[MUD-Dev] DESIGN: The game with a thousand faces

Jaycen Rigger jaycen.rigger at sbcglobal.net
Sat Apr 23 03:39:00 New Zealand Standard Time 2005


Mike,

Mike Rozak <Mike at mxac.com.au> wrote:

> I've been thinking some more about alternative virtual world
> genres, and decided to try a different approach to hopefully find
> some yet-undiscovered genres. Many of the "genres" the approach
> comes up with are not actually virtual worlds (which might be
> considered heretical by some), but they might spawn some
> interesting discussion, which could lead to even more genres. (I
> have mentioned some of the ideas before, such as private virtual
> worlds.)

I've read that write-up a few times.  It's interesting to me that we
agree on so much, but disagree on the "whys".

You yourself mention the fact that in myth, human beings tend to
create the same kinds of myths and stories.  This is true even
amongst cultures seperated by thousands of miles and thousands of
years.

In myth, as stories are related from telling to telling, the details
might change (like playing "telephone" as kids), but the core plot
is distilled and maintained.  The fact that it occurs across
generations and in totally isolated cultures in the same way
(i.e. Gilgamesh is Heracles is John McClain) demonstrates that human
beings are hardwired for certain concepts and ideas.

I think the fact that so many games are homogenous reinforces that
same concept.  It isn't lack of understanding, or lack of
imagination.  It is what it is.  It's a formula that works, that
people readily accept and identify with.  You will get slight
variations on the formula, but the main ingredients will never
change, or the new product will die.

It's this kind of fundamental truism that attracts me to the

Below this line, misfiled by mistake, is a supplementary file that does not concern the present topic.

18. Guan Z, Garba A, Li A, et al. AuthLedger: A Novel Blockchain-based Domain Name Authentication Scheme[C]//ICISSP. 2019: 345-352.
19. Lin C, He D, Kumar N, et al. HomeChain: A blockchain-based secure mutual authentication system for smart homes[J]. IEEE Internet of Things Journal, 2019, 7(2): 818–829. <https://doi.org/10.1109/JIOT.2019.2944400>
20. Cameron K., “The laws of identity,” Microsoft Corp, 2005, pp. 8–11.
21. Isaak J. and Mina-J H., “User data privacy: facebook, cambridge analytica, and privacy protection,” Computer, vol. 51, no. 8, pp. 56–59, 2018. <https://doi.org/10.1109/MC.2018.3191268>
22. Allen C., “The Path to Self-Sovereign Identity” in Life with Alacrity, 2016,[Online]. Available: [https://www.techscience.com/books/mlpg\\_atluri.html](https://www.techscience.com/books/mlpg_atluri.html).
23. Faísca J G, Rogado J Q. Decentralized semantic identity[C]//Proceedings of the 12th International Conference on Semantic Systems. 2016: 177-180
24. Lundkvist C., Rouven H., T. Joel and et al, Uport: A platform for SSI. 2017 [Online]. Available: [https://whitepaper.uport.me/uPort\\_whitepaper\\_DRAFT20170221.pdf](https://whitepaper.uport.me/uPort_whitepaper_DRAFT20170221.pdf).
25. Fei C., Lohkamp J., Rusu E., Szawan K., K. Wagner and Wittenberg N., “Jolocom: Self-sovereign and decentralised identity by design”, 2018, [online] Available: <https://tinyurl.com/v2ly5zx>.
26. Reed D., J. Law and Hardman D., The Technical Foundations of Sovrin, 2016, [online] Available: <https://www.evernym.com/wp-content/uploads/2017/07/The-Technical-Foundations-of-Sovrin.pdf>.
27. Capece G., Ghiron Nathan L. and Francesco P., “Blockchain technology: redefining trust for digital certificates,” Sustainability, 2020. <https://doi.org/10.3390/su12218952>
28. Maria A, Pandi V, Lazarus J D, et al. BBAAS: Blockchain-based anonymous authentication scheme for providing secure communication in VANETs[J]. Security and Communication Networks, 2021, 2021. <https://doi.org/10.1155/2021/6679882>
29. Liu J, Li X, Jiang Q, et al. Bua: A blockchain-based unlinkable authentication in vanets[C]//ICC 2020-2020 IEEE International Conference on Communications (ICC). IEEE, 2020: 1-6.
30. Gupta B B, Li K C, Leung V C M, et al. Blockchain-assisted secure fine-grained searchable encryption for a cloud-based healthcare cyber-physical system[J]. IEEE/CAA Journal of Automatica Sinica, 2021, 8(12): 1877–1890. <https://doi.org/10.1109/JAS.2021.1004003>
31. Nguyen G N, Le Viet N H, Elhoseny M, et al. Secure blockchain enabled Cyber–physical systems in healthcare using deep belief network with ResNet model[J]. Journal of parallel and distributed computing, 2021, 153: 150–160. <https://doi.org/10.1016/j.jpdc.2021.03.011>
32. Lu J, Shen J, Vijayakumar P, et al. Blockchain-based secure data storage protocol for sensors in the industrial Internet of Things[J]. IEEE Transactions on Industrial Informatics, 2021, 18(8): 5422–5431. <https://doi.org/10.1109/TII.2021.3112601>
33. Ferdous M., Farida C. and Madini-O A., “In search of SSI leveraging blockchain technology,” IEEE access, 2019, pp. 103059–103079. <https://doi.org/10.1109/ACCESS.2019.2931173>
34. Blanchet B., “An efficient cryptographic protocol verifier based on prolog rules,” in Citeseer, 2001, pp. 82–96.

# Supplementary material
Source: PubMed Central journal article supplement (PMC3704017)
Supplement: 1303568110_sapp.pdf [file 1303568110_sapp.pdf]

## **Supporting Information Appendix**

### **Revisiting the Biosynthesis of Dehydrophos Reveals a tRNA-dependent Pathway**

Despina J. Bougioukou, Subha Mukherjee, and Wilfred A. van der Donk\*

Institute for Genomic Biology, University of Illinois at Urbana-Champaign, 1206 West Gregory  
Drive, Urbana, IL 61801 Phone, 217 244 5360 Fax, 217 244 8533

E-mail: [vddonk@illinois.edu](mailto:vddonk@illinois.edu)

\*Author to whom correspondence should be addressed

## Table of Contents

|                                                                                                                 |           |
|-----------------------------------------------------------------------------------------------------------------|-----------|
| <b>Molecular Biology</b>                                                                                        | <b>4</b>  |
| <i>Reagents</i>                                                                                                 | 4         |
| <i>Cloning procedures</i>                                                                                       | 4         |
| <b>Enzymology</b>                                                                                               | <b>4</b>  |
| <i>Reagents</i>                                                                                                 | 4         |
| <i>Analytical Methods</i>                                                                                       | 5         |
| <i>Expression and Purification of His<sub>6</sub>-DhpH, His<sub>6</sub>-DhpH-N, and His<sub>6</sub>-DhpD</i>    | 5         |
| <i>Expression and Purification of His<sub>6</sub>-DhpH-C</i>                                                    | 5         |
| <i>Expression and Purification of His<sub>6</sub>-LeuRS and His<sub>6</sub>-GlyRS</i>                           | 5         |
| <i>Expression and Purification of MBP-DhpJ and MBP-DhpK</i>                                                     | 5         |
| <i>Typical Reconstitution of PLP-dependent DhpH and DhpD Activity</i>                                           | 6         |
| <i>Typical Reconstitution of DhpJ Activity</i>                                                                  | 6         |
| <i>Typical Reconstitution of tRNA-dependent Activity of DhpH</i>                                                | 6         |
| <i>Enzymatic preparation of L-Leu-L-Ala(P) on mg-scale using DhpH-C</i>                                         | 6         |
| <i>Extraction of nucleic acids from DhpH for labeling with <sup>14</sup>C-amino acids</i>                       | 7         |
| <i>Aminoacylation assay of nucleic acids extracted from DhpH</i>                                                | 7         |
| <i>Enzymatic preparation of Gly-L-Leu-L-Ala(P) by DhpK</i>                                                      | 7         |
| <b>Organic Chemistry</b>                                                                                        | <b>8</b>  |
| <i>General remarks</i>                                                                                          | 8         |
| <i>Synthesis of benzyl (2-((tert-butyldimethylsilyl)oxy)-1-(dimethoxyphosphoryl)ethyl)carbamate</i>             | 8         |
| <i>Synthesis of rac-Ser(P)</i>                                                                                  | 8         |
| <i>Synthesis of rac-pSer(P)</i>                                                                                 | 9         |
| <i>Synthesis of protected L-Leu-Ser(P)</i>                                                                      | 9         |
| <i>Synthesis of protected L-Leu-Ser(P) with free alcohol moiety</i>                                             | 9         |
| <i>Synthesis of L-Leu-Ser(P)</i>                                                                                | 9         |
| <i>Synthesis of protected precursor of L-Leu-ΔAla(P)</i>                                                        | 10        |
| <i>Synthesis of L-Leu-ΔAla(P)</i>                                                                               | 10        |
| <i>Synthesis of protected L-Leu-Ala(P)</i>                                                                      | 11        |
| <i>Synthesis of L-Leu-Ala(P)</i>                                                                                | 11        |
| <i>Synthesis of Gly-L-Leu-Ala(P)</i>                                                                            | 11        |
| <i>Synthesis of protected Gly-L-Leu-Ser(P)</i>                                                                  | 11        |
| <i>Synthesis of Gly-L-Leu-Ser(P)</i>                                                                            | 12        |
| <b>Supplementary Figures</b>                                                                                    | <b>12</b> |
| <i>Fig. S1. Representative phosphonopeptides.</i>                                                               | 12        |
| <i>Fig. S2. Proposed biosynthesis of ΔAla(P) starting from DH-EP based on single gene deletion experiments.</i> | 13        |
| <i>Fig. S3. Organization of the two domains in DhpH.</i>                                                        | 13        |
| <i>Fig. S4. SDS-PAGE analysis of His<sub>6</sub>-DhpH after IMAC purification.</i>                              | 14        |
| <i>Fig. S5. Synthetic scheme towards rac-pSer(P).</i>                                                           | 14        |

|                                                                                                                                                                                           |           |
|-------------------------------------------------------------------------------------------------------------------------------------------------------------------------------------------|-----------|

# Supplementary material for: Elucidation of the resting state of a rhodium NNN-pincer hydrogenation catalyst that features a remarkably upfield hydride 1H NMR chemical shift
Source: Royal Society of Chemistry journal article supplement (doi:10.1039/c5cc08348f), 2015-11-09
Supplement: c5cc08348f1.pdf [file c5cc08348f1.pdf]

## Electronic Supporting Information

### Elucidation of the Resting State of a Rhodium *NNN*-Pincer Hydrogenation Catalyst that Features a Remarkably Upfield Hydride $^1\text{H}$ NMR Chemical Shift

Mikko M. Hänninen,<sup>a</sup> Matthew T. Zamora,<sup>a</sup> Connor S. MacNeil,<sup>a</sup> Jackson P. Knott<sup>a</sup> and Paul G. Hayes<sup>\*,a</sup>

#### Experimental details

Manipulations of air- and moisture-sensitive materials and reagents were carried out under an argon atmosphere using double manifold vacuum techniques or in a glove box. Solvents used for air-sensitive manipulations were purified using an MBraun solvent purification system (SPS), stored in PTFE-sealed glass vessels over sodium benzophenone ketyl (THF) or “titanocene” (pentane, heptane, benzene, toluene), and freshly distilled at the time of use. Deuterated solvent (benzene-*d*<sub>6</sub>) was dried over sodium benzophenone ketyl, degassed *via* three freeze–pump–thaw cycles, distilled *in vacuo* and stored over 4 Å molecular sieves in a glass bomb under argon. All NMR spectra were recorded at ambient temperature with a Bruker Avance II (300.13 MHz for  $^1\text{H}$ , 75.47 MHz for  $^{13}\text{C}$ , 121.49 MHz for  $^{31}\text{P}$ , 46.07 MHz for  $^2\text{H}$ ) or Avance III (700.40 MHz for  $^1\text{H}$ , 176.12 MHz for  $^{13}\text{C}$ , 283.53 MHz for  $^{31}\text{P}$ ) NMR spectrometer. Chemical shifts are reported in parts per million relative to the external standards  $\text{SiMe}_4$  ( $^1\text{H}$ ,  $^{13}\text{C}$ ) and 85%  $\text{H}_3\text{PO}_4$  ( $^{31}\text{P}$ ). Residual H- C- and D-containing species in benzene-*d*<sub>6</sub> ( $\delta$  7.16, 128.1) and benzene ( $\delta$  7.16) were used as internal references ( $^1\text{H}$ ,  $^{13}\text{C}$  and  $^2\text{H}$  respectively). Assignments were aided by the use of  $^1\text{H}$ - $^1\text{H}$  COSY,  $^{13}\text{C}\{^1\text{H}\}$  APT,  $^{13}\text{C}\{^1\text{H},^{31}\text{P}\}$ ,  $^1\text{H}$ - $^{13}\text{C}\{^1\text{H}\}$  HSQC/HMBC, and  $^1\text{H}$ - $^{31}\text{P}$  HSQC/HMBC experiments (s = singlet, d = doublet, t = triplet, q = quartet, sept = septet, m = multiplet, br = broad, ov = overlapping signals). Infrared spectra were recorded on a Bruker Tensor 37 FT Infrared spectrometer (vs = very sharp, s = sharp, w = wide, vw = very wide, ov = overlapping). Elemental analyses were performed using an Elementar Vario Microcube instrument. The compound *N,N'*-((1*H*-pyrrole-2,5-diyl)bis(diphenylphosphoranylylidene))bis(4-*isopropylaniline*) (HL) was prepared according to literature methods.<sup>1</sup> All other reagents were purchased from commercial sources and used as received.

psychological papers written on gamers and games.  It's the same
kind of fundamental truism that we, as developers, should be
searching for in order to address the common problems that crop up
within our games.

It's surprising to me to read posts by so many smart folks in the
industry who constantly struggle with the same problems all the time
(economy drain, abberant player behaviour, lack of player
social/governmental structure, stagnant crafting systems).

Take, for instance, your statement on sub-genres.  I think that
specialization is the key to smaller, less interesting communities.
It's possible to create a world that caters to many player
personality types and still be successful.  You just have to accept
the idea that some players will not like it.  However, the casual
gamer will be attracted to the variety and more importantly, the
players will help to drive the content and conflict.  I'm not just
talking about PvP or anything on that level.  I'm saying that when
you get a group of very different people together in one place,
different mixes of sub-groups are going to occur and more
interesting relationships are formed.

I have a feeling I'm not getting my thoughts across as well as I'd
like.  Ah well.

Thanks,

Jaycen
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